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In 1915, Archie Bowman, a philosophy professor at Princeton, was granted leave of absence to join the British army. He served in the HLI and was captured at the Battle of the Lys.
Prison camp, though, turned out not to be the living death he expected: he was fluent in German and became the main go-between with camp authorities and British prisoners; he gave talks to hundreds of prisoners, and wrote up in verse form his account of the battle and his capture and two-day march into captivity. When he was transferred to another camp, his writings were confiscated; but in his new camp his responsibilities increased, and he became key negotiator and formed a bond with the Commandant, a fellow academic, who secured the release of his confiscated work, which, when completed, was published as prison camp verses.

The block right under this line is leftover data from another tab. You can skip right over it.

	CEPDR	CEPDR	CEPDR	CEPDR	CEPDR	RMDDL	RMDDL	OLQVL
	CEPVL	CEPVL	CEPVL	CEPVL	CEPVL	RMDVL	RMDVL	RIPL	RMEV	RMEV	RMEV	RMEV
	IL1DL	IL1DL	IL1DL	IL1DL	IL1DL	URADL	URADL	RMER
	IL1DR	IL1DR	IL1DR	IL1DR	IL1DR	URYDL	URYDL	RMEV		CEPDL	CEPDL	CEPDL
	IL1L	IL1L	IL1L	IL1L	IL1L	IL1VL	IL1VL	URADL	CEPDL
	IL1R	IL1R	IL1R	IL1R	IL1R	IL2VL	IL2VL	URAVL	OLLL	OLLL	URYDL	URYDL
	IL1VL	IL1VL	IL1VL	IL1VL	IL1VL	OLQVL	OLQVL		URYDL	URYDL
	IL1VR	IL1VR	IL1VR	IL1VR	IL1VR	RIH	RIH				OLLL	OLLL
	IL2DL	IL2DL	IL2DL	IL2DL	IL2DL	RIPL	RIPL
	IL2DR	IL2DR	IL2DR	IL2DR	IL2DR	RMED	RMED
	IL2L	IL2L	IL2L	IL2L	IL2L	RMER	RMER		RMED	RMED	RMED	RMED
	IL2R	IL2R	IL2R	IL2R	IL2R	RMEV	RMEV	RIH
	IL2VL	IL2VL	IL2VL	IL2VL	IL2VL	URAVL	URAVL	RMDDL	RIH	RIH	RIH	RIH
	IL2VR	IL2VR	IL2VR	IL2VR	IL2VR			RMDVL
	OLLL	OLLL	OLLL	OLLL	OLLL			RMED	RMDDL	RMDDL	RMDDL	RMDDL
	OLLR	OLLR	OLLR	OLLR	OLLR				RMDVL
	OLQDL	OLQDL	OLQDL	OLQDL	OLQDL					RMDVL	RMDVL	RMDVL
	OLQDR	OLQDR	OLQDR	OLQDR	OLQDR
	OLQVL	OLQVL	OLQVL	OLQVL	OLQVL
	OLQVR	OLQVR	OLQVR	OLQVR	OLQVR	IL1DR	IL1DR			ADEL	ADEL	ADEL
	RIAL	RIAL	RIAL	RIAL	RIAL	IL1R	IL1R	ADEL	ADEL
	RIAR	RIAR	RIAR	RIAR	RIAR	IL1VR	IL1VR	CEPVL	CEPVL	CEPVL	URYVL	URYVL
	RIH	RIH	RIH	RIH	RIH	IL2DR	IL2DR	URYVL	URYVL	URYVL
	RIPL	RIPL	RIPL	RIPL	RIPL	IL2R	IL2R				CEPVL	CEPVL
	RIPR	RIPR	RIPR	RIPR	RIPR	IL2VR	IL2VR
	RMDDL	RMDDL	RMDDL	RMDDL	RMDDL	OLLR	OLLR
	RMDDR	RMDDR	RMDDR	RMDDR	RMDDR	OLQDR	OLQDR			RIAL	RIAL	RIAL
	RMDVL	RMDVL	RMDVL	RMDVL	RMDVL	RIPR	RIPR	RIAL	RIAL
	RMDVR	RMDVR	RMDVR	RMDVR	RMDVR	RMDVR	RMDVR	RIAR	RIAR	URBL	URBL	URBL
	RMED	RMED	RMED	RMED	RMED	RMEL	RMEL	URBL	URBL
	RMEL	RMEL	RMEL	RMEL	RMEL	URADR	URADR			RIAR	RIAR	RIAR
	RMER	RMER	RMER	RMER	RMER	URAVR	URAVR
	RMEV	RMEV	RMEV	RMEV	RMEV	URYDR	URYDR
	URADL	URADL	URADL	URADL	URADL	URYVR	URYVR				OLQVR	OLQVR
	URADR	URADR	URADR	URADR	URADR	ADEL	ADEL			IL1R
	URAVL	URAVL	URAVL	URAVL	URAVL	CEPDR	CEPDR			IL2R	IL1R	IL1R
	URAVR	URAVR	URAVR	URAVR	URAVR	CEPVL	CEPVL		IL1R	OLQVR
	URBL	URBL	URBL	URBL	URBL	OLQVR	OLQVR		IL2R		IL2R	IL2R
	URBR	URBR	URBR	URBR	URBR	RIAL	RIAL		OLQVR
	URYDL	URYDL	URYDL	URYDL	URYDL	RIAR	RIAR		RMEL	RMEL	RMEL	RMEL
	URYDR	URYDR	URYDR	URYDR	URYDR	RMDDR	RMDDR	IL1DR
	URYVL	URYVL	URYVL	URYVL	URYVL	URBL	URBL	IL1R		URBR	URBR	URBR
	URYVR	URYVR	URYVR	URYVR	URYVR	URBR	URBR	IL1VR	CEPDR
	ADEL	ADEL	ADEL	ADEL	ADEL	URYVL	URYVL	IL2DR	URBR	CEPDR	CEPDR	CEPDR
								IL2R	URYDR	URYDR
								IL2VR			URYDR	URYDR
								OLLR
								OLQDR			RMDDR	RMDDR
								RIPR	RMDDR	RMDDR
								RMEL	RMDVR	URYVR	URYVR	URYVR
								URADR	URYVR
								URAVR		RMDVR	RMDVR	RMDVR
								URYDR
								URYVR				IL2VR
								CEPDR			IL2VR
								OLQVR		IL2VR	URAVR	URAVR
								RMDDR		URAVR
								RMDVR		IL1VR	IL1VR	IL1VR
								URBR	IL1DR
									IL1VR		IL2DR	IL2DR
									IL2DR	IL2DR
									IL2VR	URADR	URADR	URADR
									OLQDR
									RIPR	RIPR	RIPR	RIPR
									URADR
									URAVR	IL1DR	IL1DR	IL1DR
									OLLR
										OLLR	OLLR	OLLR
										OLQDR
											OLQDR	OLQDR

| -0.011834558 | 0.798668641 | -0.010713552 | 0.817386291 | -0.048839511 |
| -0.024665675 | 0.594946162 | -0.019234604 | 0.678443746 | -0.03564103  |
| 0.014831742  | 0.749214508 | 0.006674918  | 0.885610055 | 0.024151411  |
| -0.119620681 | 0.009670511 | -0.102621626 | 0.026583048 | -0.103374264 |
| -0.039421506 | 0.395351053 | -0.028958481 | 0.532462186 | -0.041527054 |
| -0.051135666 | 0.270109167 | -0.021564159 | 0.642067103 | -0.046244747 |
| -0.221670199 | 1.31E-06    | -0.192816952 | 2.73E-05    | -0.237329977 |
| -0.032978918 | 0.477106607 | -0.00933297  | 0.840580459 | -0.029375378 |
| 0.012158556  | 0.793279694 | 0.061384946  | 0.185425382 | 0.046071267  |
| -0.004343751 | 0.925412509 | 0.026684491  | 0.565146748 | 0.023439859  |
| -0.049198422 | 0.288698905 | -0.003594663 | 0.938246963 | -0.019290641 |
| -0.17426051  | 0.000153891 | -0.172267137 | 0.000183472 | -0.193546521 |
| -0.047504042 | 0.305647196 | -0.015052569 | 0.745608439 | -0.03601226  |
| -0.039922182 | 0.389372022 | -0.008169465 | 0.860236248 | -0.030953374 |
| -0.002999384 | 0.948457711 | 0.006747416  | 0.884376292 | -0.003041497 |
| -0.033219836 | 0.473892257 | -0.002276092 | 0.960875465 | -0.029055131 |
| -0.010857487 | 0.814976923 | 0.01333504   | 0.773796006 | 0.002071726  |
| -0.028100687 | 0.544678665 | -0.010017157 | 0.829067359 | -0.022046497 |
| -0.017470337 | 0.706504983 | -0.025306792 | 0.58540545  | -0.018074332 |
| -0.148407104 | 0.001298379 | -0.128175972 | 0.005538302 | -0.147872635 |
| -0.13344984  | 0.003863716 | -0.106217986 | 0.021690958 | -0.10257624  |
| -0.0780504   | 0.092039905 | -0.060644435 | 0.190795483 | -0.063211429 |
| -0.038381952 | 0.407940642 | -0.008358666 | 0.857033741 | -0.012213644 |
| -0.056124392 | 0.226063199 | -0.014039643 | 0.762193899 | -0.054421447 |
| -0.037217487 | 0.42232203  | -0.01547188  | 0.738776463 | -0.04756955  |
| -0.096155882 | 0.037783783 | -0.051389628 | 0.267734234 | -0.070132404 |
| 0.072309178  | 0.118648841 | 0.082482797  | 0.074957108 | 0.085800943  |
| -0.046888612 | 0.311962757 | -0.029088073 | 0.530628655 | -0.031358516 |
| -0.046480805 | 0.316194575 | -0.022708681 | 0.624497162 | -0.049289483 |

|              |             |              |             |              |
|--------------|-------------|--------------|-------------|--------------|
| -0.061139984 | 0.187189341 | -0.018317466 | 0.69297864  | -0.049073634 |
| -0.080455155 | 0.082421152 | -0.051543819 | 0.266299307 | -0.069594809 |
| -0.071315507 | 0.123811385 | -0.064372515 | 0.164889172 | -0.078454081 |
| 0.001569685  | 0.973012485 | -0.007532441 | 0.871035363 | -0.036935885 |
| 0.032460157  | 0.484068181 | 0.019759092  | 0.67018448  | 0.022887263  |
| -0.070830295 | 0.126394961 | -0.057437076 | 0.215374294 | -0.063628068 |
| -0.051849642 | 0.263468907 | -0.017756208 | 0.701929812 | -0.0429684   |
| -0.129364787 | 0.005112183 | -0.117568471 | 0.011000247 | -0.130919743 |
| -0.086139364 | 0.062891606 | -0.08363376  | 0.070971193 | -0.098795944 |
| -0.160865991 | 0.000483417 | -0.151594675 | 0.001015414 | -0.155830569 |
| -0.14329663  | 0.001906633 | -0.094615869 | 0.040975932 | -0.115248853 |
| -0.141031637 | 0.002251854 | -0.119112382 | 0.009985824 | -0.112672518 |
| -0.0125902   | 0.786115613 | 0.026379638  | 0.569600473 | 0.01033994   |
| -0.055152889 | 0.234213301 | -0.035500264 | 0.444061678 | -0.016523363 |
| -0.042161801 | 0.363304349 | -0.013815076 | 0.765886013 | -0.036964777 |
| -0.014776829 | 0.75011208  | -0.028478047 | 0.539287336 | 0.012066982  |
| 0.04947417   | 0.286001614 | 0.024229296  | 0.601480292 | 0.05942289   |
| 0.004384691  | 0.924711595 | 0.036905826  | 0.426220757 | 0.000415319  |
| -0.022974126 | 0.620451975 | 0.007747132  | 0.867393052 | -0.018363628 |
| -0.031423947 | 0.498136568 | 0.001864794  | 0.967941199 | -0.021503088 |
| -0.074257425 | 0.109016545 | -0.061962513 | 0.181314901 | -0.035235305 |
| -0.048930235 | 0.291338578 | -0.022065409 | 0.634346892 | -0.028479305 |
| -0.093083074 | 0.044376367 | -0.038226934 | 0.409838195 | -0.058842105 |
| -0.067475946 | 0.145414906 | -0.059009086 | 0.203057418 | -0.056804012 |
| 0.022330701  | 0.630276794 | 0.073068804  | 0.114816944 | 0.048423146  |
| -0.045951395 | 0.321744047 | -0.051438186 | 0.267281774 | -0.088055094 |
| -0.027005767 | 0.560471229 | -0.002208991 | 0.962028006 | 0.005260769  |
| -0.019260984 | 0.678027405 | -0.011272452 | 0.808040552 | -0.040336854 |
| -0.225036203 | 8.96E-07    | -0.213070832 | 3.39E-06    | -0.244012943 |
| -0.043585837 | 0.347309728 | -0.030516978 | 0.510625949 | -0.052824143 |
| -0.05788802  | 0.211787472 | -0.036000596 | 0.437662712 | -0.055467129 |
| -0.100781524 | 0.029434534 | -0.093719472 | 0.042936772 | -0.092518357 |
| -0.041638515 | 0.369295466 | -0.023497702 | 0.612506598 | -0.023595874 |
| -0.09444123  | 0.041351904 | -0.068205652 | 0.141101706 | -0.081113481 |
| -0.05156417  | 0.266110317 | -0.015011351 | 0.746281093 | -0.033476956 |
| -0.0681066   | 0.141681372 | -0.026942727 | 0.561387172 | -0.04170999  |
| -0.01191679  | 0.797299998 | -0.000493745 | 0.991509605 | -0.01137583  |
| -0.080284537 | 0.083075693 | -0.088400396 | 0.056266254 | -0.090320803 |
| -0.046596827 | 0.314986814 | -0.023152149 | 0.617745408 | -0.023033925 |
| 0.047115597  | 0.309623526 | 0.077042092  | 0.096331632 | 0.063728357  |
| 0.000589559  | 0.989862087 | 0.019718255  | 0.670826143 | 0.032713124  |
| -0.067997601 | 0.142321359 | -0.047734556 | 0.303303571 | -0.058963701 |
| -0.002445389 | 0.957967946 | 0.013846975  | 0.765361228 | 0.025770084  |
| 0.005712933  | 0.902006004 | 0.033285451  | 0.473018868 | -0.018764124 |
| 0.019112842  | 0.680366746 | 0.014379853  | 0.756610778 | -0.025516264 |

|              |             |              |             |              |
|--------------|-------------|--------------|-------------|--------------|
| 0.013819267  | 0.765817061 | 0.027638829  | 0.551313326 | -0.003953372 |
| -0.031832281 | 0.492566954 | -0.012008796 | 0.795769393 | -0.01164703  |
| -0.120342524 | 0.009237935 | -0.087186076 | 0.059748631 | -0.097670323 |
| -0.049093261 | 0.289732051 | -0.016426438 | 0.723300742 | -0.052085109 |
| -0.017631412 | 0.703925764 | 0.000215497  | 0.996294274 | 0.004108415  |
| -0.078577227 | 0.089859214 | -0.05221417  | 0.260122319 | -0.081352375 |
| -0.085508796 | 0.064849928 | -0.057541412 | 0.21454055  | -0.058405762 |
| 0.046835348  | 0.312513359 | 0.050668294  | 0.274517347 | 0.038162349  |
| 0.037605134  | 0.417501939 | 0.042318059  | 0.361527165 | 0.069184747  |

After the Armistice, he was posted to the British Army of the Rhine in Cologne, where he found his most interesting work in the service, interviewing German civilians wishing to travel into another Occupied Zone.
Although Bowman didn’t become a pacifist he was convinced more could be done to prevent wars; and he dedicated himself to the cause of peace and championed the ideal of the League of Nations, at the cost of his health.
Based on the archived Bowman Papers, it is a fascinating story of a man of high principle and great depth of feeling who had the love and support of his wife Mabel.
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